It was recently shown that the Fc region of IgG inhibits SLE‐IC‐induced IFN‐I at high concentrations of IgG (> 50 μg/ml). This effect was due to the inhibition of the binding of SLE‐ICs to CD32a on pDCs and did not involve downmodulation of CD32a (Wiedeman et al, 2013). Consistent with this, we found that IgG1 isotype had no effect on SLE‐IC‐mediated IFN‐I production by pDCs at concentrations where 24F4A led to complete inhibition of IFN‐I production. This suggests that the impact of Fc region of 24F4A on IFN‐I production is primarily due to the loss of CD32a from the cell surface rather than blockade of the IC‐binding sites on CD32a.
Collectively, these data suggest that 24F4A, not 24F4A‐ef, simultaneously engages BDCA2 and CD32a leading to the internalization of both receptors. This observation is consistent with the previously described “scorpion” mechanism wherein an antibody recognizing a cell surface molecule via its F(ab′)2 region can simultaneously engage an FcR on the same cell via its Fc region, thus creating a trimolecular complex (Kurlander, 1983; Dunn‐Siegrist et al, 2007; Hogarth & Pietersz, 2012; Shang et al, 2014). Our study describes the first example where the functional outcome of the putative “scorpion” mechanism is to co‐internalize the FcR (CD32a) with the primary binding target (BDCA2). Only effector‐competent anti‐BDCA2 mAbs capable of internalizing BDCA2 lead to CD32a downmodulation. A non‐internalizing anti‐BDCA2 antibody (Chi‐6G6) that harbors an identical Fc region to that of 24F4A was not capable of internalizing CD32a. Attempts to study co‐localization of intracellular CD32a and BDCA2 in primary human pDCs by confocal microscopy were unsuccessful with available reagents to detect CD32a. More work will need to be done to delineate the exact details of the mechanism leading to concurrent internalization of BDCA2 and CD32a.
In conclusion, we show that BDCA2 engagement with the mAb 24F4A elicits a dual mechanism to dampen pDC responses. In a disease setting such as SLE, the F(ab′)2 region of 24F4A should inhibit SLE‐IC‐induced IFN‐I production by pDCs through ligation and internalization of BDCA2. Simultaneously, the Fc region of 24F4A should lead to CD32a downmodulation, thereby eliminating the receptor for immune complexes on pDCs and preventing the pathological activation of naïve or newly generated pDCs. Current therapeutic approaches are accounting for FcRs as pertinent targets for the treatment of inflammatory diseases (Hogarth & Pietersz, 2012). We propose that effector‐competent antibodies to endocytic receptors expressed on immune cells could efficiently target Fc receptors through the same scorpion mechanism as BDCA2 and offer novel therapeutic approaches for inflammatory and autoimmune diseases.
Materials and Methods
24F4 mAb generation
Eight‐ to 10‐week‐old BALB/c female mice were purchased from The Jackson Laboratory. Mice were housed and maintained in an AAALAC‐accredited facility under standard conditions. All procedures were performed in accordance with guidelines set forth by the Biogen Idec IACUC under an approved protocol. The 24F4 murine hybridoma was derived from a BALB/c mouse immunized using Gene Gun with a mammalian expression vector which co‐expresses full‐length human BDCA2 and FcεRIγ cDNAs. The mAb was humanized to produce an effector‐competent form 24F4A (human wt IgG1) and an effectorless form, 24F4A‐ef (human IgG4.P/human IgG1 chimeric). Detailed methods are presented in the Supplementary Materials and Methods.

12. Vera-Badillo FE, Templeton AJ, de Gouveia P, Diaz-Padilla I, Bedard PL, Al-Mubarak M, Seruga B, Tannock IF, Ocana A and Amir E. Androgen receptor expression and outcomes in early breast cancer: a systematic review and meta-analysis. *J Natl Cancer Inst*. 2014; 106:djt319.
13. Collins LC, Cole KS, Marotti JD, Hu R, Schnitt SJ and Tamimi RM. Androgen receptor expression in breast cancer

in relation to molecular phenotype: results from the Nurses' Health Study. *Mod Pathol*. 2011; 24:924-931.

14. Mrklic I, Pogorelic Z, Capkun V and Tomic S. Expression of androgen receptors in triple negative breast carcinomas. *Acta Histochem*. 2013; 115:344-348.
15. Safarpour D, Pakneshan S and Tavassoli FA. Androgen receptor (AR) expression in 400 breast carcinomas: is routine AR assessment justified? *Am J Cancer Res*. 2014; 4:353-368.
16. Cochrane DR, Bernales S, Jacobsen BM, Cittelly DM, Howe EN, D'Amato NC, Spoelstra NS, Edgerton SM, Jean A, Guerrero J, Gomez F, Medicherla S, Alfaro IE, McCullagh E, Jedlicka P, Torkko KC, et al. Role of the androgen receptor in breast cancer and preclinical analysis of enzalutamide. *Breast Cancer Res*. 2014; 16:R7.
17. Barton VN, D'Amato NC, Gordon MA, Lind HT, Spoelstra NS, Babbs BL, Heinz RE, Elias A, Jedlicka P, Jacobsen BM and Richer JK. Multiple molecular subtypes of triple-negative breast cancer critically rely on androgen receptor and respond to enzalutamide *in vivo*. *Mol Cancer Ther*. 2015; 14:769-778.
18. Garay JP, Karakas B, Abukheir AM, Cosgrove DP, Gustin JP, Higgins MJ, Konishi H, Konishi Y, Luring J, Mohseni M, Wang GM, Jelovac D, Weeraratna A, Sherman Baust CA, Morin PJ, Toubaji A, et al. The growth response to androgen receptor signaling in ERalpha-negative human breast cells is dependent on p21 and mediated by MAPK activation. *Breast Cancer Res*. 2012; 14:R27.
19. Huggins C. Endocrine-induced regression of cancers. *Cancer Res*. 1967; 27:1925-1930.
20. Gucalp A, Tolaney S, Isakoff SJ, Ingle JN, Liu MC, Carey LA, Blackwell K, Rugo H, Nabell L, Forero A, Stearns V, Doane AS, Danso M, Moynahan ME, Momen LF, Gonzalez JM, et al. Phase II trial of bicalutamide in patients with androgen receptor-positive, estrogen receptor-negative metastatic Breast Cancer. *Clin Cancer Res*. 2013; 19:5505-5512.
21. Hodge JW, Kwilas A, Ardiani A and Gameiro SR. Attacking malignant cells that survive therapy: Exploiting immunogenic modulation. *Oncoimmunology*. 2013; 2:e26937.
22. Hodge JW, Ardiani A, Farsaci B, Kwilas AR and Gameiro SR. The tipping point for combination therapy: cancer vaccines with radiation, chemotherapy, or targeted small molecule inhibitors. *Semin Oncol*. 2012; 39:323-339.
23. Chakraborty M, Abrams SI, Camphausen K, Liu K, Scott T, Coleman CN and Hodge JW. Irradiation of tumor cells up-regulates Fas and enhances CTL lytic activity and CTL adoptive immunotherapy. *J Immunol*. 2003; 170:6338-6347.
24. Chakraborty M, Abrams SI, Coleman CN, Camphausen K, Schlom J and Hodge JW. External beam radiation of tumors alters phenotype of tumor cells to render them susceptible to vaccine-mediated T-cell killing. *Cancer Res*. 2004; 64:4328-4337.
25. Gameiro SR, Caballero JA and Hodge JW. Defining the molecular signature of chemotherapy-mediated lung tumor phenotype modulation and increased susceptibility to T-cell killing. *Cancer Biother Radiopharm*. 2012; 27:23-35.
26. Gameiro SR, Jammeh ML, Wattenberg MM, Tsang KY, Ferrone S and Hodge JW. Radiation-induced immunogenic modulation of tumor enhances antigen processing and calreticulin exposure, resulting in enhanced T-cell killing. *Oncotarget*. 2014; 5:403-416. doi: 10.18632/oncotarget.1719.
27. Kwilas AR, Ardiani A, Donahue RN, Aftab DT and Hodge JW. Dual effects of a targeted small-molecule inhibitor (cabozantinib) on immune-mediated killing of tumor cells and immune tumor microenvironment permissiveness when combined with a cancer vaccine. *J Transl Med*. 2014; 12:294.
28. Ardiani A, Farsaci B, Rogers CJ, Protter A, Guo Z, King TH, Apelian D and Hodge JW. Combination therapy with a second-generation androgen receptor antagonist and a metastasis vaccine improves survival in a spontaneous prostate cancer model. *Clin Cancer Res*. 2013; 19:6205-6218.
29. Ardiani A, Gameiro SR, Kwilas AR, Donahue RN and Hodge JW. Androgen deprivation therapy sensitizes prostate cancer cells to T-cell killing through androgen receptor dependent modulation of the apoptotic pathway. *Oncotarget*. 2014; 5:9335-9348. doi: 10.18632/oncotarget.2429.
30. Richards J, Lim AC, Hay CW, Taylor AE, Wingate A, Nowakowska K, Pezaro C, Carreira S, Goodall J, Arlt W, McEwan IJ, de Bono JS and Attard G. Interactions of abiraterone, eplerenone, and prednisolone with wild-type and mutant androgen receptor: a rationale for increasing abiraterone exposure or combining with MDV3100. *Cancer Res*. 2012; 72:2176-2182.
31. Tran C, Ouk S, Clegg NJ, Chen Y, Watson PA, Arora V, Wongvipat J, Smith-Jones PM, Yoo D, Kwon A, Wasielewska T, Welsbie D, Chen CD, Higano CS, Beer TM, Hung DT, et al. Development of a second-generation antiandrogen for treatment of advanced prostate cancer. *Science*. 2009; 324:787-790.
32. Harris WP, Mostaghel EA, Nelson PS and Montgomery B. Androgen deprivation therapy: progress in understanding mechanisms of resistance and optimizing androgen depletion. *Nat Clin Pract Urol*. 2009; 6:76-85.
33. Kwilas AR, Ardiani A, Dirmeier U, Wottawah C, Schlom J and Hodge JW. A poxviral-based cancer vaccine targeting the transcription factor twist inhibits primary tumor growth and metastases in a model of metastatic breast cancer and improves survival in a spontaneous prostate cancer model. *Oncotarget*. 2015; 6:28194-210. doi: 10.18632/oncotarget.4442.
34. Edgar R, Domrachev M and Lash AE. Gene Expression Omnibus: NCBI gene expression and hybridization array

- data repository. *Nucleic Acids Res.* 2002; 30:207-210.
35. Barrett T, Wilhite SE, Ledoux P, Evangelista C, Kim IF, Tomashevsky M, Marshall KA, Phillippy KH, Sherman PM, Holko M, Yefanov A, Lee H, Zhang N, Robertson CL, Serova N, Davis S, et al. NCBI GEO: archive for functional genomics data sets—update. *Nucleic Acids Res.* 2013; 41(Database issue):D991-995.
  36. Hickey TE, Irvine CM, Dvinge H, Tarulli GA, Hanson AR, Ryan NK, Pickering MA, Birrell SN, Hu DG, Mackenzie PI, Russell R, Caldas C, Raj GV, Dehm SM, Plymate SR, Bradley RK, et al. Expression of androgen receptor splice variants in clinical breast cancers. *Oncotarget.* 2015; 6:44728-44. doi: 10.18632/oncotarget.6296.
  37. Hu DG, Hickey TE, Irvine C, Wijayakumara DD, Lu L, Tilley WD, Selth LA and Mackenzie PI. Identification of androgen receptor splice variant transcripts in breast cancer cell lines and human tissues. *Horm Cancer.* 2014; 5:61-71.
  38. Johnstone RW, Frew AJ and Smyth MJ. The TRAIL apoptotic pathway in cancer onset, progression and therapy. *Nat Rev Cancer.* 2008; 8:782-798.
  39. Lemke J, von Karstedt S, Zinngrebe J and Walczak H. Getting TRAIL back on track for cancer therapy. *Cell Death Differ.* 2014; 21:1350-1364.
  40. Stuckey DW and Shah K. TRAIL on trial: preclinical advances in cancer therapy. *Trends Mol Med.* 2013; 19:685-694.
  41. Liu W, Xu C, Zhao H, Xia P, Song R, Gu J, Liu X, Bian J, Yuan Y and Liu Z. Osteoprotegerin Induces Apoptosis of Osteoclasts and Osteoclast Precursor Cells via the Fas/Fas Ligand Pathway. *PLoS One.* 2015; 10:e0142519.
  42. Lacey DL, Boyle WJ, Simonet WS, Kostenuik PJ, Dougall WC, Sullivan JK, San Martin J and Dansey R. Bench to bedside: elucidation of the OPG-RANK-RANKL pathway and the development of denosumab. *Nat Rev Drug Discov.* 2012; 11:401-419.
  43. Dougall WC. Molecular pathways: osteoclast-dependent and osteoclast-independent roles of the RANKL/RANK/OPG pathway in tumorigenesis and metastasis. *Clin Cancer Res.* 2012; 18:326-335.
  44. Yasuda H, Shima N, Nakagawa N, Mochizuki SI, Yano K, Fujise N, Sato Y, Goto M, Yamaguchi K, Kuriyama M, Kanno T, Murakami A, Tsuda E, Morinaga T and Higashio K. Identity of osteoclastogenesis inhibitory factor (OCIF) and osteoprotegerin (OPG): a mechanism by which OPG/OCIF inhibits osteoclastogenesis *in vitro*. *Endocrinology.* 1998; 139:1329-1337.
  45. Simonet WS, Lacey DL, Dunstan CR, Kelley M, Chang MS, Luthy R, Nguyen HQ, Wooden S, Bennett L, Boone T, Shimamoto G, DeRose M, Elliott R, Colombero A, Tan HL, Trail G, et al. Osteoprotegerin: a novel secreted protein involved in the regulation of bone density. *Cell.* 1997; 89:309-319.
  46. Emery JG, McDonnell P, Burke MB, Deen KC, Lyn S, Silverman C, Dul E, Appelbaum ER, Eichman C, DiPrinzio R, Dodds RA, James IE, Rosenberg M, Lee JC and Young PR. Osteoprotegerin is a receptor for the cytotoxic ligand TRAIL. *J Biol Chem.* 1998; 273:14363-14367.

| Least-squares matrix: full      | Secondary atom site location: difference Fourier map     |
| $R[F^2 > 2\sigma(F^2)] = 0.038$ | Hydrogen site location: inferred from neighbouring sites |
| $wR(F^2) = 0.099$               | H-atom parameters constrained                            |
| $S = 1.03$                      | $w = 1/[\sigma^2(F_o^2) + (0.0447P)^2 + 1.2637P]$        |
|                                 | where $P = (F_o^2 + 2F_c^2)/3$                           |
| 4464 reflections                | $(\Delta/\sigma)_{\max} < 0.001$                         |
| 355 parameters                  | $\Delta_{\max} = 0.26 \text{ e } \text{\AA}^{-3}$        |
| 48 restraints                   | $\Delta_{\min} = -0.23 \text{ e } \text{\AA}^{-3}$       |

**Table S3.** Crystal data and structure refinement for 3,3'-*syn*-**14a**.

Human blood collection and PBMC isolation
All experiments using human blood were done in accordance with IRB protocol 20121572. Human peripheral blood from healthy donors was obtained from Blood Donor Program at Biogen Idec (Cambridge, MA). All experiments conformed to the principles set out in the WMA Declaration of Helsinki and the Department of Health and Human Services Belmont Report. Blood from SLE patients was obtained from Sera Care Life Sciences (Milford, MA). Human venous whole blood was collected in sodium heparin tubes. PBMC were isolated using Ficoll gradients (GE Healthcare). Whole blood was overlaid onto Ficoll and centrifuged for 20 min at 600 g with no brake. Cells were washed in PBS and counted on a Vi‐cell (Beckman Coulter).
Plasmacytoid dendritic cell isolation
Buffy coats from healthy donors were obtained from Research Blood Components (Boston, MA). PBMC were isolated as previously described. PDCs were isolated from PBMC using the Diamond pDC Isolation kit II (Miltenyi) according to the manufacturer's protocol. Briefly, PBMC were labeled with a biotinylated non‐pDC antibody cocktail and then with anti‐biotin magnetic beads to negatively select PDCs. PDCs were then positively selected using anti‐BDCA4 beads. Purity was assessed by staining with labeled anti‐CD123 (7G3, BD Biosciences) and anti‐BDCA2 (AC144, Miltenyi) and measured by flow cytometry. Purity was routinely > 90%. Cells were acquired on a LSRII or Fortessa and analyzed in FlowJo.
In vitro simulations and IFNα measurement
Whole blood collected in sodium heparin tubes was plated in 96‐well round‐bottom plates. The blood was treated with 10, 3.33, 1.11, 0.37, 0.124, 0.04, 0.014, 0.005, 0.0015 and 0.005 μg/ml of 24F4A or 10 μg/ml of an isotype control (human IgG1, Biogen) and simultaneously stimulated with 200 μg/ml of CpG‐A (2216, Invivogen) and cultured for 16 h at 37°C and 5% CO2. All conditions were set up in duplicate. Serum was collected, and IFNα was evaluated.